low temperatures at which the reaction rate be
anhydrous hydrogen ?uoride at least two pre
comes slow. For example at a temperature of
dominant primary reactions are possible, i. e.,
—20° 0., polymerization is still the major reac
addition of hydrogen ?uoride to the double bond 55 tion. Polymerization represents the chief reac
“hydro - polymerization,” “dehydro - polymeriza
of the ole?n monomer to form volatile alkyl ?u
orides, and polymerization of the ole?n monomer
induced or accelerated by the catalytic effect of
the hydrogen ?uoride to the ole?n dimer, trimer,
tion for propylene as well as the ole?ns of 4 or
more carbon atoms through the ordinary as well
as the moderately elevated temperature levels up
to, say, 200' 0., although temperatures between
tetramer, etc. Where the reaction is carried out 60 about +10‘ and +30° C. are preferred for propyl
2,400,521
" 2
one, and about —20° and +60° C. are preferred
for ole?ns of 4 or more carbon atoms.
As mentioned previously, the acid to ole?n
monomer; ratio is an important factor in securing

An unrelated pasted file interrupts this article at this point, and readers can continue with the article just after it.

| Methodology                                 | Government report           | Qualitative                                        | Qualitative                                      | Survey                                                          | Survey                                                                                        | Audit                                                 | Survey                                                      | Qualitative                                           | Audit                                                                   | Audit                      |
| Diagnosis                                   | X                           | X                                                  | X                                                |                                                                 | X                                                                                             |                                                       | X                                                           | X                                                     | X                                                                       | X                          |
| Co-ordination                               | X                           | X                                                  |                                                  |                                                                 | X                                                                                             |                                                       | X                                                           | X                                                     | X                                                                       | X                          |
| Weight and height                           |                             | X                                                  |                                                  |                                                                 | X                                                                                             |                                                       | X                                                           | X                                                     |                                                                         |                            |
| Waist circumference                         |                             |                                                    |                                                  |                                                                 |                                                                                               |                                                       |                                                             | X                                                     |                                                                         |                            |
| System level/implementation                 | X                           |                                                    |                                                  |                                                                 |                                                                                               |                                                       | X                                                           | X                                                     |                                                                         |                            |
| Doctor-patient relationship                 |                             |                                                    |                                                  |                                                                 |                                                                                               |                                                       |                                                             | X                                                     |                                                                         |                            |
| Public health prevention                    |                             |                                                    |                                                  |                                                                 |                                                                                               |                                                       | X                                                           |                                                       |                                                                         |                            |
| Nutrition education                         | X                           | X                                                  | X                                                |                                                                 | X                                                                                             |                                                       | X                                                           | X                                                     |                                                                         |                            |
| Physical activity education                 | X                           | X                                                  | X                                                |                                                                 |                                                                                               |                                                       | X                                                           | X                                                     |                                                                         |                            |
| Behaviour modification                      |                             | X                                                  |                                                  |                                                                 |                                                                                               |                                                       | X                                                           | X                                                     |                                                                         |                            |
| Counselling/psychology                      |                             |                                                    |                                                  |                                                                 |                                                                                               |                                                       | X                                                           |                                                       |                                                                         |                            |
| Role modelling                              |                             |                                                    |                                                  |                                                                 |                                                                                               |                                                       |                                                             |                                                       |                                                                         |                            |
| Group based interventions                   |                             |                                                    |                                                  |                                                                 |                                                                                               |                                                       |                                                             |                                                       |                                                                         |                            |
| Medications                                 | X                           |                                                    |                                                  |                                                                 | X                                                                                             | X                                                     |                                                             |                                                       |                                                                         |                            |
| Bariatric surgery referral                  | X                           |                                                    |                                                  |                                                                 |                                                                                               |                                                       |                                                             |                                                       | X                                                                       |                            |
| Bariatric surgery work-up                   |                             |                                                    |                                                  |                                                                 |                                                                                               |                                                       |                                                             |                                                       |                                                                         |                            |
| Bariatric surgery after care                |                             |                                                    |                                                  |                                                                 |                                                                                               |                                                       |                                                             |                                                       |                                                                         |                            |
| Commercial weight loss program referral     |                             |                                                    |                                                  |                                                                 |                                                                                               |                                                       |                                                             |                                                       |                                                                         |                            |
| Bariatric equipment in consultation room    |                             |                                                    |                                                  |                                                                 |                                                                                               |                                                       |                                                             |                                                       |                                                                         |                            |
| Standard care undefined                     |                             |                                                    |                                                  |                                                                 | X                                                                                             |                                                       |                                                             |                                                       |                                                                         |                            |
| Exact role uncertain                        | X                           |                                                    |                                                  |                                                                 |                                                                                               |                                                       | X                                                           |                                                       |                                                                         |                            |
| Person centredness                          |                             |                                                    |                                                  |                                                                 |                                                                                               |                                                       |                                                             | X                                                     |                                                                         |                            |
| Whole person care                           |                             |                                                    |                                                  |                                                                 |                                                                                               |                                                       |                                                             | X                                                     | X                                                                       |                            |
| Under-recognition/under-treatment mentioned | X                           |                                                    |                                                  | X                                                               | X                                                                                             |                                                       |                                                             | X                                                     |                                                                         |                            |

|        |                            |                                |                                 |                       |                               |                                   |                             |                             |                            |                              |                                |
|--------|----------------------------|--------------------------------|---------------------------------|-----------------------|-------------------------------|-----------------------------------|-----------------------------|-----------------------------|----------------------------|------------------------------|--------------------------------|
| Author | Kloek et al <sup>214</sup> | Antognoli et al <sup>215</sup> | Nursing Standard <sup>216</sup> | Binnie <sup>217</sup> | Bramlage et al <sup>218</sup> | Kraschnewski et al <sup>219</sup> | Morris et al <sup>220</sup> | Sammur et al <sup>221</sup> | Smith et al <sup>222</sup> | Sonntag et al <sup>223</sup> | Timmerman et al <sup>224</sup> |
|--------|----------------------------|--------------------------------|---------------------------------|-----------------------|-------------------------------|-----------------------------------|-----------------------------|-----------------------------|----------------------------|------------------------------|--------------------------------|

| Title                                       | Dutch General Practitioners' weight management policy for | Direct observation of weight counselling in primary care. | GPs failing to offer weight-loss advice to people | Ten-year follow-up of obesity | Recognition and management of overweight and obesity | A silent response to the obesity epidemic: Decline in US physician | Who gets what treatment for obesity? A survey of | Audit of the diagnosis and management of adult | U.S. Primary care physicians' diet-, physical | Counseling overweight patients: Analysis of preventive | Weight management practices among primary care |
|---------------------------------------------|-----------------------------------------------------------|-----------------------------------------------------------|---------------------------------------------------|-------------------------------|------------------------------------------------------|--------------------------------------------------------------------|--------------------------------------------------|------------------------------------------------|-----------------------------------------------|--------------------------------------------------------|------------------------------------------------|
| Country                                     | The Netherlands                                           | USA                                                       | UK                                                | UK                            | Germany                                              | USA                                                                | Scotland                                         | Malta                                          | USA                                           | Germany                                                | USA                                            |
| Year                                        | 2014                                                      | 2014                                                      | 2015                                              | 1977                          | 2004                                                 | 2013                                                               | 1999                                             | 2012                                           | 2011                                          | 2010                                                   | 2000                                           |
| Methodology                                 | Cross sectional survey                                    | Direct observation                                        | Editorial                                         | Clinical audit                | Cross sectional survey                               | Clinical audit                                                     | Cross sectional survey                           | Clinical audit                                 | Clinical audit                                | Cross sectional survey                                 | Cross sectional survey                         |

the desired polymerization reaction. Since an
important object of my invention is to secure not
only a polymerization reaction, but to also're
cover the two types of product, i. e., the saturated
hydrocarbons and the highly unsaturated, ter
pene-like products soluble in the catalyst, the
relative proportions of acid to total hydrocarbons
in the reaction zone is important.
In the ab
sence of inert solvents an amount of acid of from
about 20% up to about 400% by'weight of the
ole?nic hydrocarbons may be utilized, or ex
pressed in another way from 25% to 500% by
weight of ole?ns ‘may be added to the hydro
to achieve substantial or nearly complete satura~